Group warns of high salt content in restaurant meals
CTV.ca News Staff
Published Tuesday, May 12, 2009 7:43AM EDT
A U.S. consumer advocacy group is raising the alarm about the amount of salt in meals at some fast-food and table-service restaurants, warning that some have over a day's worth of sodium -- and sometimes even three days' worth.
The Center for Science in the Public Interest released a report Monday detailing which restaurants pack their meals with sodium.
"The sodium content is built into the food," said Michael Jacobson, the executive director of CSPI.
While some of the worst offenders, such as Sonic, don't have restaurants in Canada, others are chains that Canadians know well.
For example, the highest-sodium meal the group identified overall was served at Red Lobster. Diners who choose the Admiral's Feast served with Caesar Salad, a Creamy Lobster-Topped Mashed Potato, and a lemonade are getting a whopping 7,106 mg of sodium.
Since Health Canada recommends people aged 14 or older consume no more than 2,300 mg a day, that Red Lobster meal packs more than three days worth of sodium, in one sitting.
Dr. David Lau, an endocrinologist who specializes in diabetes and obesity, says many Canadians eat far more salt than their bodies need.
"The majority of Canadians eat twice the amount of salt we recommend, if not three times," he said.
Selected meals at fast food outlets are also among the saltiest, the CSPI notes, singling out the Half Chicken meal at KFC, the Bean Burrito at Taco Bell and the Beef 'n Cheddar sandwich at Arby's.
Notes Heart and Stroke Foundation spokesperson Shirley Kragtwyk-Lefevre: "Things with a lot of sauces and gravies oftentimes have a lot of salt."
The offerings for kids are not much better.
A kid's meal at Burger King that includes Chicken Tenders with Buffalo Sauce, fries and 1% milk has about 1,800 mg of sodium, for example.
Of the 60 kids' meals the CSPI evaluated, 31 had 1,200 mg of sodium or more -- a whole day's worth of sodium for children aged four to eight.
A diet high in sodium can cause an increased risk of high blood pressure, which in turn is a major risk factor for stroke, heart disease and kidney disease.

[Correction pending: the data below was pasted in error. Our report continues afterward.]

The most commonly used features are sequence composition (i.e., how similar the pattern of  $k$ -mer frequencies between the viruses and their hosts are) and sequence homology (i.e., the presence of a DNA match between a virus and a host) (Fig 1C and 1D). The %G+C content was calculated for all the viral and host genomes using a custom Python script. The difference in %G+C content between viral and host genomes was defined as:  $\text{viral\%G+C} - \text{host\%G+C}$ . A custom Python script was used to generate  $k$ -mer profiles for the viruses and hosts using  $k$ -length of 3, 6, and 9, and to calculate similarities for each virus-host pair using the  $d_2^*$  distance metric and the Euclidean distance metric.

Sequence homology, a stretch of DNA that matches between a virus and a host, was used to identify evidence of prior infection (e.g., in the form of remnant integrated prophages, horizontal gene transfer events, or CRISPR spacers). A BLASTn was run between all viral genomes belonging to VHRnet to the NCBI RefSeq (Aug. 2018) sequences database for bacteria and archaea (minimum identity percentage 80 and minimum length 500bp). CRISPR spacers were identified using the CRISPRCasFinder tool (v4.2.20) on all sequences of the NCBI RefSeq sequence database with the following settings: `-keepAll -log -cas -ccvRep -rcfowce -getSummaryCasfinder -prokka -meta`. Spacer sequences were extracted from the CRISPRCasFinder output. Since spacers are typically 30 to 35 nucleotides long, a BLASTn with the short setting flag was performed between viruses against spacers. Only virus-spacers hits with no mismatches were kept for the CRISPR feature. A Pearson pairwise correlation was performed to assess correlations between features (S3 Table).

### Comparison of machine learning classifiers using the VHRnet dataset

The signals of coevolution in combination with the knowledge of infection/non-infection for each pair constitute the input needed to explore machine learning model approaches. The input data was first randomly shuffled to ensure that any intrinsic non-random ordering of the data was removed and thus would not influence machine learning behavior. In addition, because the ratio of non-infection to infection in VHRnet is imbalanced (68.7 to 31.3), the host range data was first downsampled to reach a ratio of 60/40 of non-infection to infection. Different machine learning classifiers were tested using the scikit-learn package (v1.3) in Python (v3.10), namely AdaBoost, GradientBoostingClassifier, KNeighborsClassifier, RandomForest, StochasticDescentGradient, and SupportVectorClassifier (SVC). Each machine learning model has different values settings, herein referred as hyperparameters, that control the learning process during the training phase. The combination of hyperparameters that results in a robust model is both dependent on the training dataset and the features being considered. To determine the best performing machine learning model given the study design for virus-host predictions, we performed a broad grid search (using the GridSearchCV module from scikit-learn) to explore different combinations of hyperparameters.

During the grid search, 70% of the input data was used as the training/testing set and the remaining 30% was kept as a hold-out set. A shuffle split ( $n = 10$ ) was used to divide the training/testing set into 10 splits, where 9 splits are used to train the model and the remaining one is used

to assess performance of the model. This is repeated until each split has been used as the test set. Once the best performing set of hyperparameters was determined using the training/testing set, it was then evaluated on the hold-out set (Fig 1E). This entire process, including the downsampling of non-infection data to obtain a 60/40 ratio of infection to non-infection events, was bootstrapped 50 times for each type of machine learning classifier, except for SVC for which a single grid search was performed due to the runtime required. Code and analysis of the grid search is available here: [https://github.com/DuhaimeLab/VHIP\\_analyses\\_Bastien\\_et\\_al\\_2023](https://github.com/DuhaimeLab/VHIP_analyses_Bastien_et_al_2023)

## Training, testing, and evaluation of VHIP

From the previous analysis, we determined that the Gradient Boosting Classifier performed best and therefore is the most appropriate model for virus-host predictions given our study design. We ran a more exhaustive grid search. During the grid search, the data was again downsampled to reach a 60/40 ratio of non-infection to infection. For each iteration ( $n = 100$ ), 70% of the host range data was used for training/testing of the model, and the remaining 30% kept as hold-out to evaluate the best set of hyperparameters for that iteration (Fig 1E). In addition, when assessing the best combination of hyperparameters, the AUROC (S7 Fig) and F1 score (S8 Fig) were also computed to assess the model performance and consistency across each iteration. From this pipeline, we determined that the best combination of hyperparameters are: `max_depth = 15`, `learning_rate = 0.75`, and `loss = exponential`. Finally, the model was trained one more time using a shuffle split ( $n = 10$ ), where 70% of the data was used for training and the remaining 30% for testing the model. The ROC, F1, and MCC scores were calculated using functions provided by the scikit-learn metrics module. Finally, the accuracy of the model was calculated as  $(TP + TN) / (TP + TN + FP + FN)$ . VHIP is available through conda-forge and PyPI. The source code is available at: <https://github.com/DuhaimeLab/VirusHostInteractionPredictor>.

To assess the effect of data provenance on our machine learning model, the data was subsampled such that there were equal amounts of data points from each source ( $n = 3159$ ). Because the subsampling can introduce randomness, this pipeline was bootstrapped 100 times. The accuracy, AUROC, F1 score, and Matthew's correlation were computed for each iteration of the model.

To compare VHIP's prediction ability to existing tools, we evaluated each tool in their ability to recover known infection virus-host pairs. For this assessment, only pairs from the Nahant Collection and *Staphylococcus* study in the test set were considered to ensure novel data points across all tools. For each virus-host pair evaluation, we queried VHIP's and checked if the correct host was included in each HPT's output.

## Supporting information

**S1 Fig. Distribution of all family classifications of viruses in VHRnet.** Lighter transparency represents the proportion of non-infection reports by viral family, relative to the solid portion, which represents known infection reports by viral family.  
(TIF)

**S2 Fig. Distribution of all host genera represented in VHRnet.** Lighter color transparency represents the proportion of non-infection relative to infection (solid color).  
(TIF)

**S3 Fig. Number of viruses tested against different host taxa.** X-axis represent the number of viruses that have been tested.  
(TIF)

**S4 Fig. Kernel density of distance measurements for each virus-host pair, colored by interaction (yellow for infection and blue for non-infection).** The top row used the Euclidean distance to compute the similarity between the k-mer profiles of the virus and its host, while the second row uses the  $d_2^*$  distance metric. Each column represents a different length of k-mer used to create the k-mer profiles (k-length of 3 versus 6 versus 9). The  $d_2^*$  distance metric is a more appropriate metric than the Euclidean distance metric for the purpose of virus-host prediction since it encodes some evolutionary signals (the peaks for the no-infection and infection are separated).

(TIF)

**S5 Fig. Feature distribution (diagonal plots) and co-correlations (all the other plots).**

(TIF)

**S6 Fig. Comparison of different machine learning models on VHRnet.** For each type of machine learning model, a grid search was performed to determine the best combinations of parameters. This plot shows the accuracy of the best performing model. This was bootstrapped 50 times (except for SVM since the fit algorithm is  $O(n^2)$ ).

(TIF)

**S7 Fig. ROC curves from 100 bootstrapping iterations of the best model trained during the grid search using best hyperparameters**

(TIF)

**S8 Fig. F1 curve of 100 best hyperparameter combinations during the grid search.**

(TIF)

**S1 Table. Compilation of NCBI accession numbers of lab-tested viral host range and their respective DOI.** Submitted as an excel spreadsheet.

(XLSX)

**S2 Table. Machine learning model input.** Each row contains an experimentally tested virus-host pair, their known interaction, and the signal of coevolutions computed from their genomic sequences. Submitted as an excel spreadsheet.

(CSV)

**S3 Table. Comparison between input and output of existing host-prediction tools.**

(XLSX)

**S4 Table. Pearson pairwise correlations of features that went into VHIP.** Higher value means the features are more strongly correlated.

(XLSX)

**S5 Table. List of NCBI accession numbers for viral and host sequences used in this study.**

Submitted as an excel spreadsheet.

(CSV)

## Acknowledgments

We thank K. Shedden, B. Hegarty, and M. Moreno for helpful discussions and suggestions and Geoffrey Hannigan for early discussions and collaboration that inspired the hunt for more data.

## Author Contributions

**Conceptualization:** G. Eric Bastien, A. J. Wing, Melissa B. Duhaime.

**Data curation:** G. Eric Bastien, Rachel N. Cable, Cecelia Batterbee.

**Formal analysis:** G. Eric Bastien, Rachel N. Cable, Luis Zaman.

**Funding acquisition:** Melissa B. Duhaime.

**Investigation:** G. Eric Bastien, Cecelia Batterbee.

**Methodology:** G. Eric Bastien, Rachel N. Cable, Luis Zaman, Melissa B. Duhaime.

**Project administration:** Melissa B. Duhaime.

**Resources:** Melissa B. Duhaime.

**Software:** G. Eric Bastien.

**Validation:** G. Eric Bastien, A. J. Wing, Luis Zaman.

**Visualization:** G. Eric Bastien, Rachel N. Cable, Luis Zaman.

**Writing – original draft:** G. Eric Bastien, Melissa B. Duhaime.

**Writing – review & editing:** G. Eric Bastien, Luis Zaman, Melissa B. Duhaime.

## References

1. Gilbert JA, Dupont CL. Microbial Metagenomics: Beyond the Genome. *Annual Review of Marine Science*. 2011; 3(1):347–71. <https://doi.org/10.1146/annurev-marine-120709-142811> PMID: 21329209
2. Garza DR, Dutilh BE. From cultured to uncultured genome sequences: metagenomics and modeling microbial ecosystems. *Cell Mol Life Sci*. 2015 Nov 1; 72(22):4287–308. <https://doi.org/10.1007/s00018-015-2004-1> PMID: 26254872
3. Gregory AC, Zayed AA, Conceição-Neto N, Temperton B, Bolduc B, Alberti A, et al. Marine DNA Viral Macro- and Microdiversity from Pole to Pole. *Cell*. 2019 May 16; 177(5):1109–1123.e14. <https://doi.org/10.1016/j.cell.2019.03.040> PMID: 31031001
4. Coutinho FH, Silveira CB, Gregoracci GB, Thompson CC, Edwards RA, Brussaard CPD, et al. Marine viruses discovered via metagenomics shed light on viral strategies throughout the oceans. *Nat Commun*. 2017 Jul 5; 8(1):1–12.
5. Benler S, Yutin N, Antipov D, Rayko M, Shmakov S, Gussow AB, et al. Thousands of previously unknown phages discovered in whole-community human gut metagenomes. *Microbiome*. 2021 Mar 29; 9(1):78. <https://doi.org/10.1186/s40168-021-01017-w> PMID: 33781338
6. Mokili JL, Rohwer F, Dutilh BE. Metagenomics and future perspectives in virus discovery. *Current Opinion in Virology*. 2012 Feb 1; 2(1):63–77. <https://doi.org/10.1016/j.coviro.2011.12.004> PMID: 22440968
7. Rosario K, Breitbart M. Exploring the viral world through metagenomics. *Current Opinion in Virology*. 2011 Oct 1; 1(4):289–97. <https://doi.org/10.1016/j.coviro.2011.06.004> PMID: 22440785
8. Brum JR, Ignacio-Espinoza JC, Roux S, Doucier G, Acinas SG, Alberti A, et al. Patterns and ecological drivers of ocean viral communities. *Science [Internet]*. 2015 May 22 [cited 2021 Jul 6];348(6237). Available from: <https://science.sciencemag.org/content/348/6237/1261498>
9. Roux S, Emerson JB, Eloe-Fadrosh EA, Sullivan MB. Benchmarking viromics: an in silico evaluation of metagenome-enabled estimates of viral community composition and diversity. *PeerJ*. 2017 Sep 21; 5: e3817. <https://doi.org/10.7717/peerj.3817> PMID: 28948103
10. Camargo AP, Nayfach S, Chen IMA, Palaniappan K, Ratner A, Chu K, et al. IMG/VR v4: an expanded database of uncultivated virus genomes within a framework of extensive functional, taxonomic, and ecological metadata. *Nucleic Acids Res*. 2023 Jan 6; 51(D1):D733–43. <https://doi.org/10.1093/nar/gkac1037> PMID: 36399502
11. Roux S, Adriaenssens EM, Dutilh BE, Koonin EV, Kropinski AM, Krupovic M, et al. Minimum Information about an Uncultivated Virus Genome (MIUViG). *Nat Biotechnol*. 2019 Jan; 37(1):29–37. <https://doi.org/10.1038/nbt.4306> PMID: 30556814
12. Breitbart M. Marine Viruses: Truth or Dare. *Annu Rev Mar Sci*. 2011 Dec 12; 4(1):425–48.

According to Blood Pressure Canada, Canadians should aim to stick to a daily total of no more than 1,500 mg of sodium. In fact, they say if most of us followed this simple rule, the rate of stroke and heart disease could drop by 30 per cent in Canada.
Instead, Statistics Canada says the average Canadian consumes in excess of 3,100 mg of sodium a day. Even young children consume a high amount, says Statistics Canada: children aged one to three average close to 2,000 mg a day.
"Contrary to popular belief, most of the sodium we consume is not from the salt shaker. Three-quarters of all sodium comes from the salt and other sodium containing additives (MSG, baking powder, sodium phosphate, and others) in processed and restaurant foods," the CSPI says in a news release.
"The average consumer, however, cannot determine the sodium content of foods or meals, because the sodium levels are typically not listed on menu boards or menus," the group adds.
The CSPI assessed the sodium levels of adult and kids' food from the 25 largest U.S. chain restaurants, creating typical combinations of an entr�e, side dish and drink, using the restaurants' menu options.
All the nutrition information came from the nutrition guides and calculators posted on the restaurants' websites or from info gathered from phone calls to the companies.
While commending those chains that have pledged to reduce sodium in their meals, the CSPI called on all restaurants to offer a variety of adult meals that contain under 800 mg of sodium and kids' meals that contain under 500 mg.
As well, they said, governments should require chain restaurants to disclose on menus the sodium content of all their foods and meals.
Health officials should also pressure restaurants to cut sodium levels to specified target, as the Food Standards Agency has done in the United Kingdom.
Restaurants are not required to disclose the amount of salt in their food, but consumers are advised to avoid certain items, if they're concerned about high sodium levels.
With a report by CTV's Janet Dirks in Calgary